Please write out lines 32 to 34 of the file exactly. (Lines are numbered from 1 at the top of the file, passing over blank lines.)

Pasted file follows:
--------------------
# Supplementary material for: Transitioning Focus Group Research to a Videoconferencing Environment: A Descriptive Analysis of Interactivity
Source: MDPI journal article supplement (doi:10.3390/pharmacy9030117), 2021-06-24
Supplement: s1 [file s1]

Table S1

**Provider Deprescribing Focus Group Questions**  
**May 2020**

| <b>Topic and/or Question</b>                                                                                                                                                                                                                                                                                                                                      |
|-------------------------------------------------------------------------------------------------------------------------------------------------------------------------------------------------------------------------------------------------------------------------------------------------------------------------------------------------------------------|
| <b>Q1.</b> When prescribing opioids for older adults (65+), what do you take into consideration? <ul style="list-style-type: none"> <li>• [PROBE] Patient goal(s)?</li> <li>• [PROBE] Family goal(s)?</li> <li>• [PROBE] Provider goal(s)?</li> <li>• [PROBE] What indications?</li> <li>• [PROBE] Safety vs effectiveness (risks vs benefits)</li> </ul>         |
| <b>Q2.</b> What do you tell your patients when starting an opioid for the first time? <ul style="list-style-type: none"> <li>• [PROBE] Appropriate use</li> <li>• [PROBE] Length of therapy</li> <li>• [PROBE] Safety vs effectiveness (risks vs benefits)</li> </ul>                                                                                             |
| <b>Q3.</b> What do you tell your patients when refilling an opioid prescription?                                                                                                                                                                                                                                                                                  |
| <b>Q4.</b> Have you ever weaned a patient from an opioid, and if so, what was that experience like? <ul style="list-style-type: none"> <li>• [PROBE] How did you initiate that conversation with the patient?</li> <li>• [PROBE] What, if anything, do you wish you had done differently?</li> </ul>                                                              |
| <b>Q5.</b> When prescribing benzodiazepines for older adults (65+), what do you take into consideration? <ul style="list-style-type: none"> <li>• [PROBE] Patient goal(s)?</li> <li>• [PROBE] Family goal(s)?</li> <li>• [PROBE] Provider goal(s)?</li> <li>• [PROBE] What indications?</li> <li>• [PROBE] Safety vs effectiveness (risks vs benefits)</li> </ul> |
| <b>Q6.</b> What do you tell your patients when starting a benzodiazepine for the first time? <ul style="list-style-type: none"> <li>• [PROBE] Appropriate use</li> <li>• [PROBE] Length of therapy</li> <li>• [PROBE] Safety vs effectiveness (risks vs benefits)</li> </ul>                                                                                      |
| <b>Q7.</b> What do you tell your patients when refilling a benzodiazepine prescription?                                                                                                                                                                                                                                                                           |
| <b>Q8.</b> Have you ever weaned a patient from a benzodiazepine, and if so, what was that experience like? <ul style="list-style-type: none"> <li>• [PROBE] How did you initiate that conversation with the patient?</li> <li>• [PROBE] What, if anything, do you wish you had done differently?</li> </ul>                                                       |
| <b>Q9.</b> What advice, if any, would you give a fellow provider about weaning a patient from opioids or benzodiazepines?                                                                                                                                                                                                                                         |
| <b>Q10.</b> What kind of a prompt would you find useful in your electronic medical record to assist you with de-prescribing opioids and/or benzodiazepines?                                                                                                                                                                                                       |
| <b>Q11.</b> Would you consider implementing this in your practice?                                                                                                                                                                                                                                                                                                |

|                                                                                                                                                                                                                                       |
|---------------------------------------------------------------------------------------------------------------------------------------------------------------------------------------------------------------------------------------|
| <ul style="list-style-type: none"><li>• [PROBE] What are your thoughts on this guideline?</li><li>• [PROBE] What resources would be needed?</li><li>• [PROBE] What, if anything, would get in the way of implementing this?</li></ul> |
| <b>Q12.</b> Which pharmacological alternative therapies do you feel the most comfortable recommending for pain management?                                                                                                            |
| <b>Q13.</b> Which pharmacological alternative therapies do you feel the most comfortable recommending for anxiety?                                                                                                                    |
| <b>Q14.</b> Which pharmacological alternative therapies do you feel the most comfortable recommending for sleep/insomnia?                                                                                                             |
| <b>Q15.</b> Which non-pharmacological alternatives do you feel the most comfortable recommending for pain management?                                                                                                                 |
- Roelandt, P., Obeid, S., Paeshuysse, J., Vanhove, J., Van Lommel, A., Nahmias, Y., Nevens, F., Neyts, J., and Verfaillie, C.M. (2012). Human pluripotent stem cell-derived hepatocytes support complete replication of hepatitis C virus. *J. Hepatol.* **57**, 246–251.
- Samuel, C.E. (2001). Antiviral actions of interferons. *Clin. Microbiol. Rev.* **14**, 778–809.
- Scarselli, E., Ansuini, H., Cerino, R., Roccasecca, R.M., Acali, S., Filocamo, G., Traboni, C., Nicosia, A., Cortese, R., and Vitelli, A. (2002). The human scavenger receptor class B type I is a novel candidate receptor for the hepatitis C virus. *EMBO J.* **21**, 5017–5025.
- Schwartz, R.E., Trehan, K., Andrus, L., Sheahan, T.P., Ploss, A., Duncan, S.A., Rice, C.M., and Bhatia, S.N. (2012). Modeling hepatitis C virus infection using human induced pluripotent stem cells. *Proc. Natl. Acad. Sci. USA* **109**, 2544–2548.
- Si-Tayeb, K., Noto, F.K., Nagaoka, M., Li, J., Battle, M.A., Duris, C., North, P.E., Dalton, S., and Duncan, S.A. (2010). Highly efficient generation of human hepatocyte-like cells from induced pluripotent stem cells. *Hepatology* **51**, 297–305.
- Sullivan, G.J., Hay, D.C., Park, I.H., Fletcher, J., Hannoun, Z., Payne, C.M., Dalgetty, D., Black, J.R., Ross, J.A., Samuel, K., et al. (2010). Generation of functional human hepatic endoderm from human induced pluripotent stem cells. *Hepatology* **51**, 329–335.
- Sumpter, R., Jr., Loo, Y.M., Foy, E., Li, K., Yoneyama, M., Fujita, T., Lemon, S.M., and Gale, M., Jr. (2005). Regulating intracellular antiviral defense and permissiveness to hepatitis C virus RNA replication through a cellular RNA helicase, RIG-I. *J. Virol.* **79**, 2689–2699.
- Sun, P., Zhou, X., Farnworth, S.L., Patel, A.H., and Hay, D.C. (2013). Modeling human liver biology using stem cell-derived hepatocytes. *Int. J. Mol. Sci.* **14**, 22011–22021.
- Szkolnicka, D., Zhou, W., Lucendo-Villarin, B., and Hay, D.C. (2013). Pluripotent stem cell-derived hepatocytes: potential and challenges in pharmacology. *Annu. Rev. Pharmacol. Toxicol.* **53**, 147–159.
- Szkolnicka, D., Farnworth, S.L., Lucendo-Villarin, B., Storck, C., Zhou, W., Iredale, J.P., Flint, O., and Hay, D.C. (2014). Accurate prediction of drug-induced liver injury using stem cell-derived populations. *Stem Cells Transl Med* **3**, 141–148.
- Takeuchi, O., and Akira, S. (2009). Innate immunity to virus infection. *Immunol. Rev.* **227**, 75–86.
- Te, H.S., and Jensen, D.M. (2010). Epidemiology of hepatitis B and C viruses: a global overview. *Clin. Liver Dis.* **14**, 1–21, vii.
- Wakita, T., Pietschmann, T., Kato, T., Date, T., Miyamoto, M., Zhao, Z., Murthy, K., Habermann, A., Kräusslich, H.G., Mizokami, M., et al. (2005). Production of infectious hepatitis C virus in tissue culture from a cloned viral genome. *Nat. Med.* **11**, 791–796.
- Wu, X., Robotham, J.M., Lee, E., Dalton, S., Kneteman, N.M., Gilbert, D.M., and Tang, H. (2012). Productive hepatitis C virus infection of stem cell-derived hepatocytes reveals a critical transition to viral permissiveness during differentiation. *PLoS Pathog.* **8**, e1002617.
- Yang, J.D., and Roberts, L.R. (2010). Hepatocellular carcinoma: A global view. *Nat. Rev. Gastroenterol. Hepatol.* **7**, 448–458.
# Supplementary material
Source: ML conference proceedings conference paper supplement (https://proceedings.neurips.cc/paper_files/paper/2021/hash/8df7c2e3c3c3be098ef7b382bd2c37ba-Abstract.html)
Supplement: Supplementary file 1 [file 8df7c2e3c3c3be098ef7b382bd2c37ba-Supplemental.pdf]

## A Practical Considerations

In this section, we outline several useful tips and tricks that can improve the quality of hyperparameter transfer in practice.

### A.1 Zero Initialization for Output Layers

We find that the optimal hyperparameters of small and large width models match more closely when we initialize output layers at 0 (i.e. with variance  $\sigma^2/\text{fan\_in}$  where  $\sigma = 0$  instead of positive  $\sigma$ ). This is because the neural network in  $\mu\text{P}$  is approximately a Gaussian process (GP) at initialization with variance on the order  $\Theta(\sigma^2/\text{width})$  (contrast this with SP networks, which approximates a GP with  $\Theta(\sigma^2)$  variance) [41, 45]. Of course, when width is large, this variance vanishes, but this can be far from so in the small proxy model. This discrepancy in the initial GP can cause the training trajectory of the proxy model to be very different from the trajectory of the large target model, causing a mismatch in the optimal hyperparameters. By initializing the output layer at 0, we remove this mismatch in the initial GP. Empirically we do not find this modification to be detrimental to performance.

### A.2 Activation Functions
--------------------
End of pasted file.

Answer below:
- Sullivan, G.J., Hay, D.C., Park, I.H., Fletcher, J., Hannoun, Z., Payne, C.M., Dalgetty, D., Black, J.R., Ross, J.A., Samuel, K., et al. (2010). Generation of functional human hepatic endoderm from human induced pluripotent stem cells. *Hepatology* **51**, 329–335.
- Sumpter, R., Jr., Loo, Y.M., Foy, E., Li, K., Yoneyama, M., Fujita, T., Lemon, S.M., and Gale, M., Jr. (2005). Regulating intracellular antiviral defense and permissiveness to hepatitis C virus RNA replication through a cellular RNA helicase, RIG-I. *J. Virol.* **79**, 2689–2699.
- Sun, P., Zhou, X., Farnworth, S.L., Patel, A.H., and Hay, D.C. (2013). Modeling human liver biology using stem cell-derived hepatocytes. *Int. J. Mol. Sci.* **14**, 22011–22021.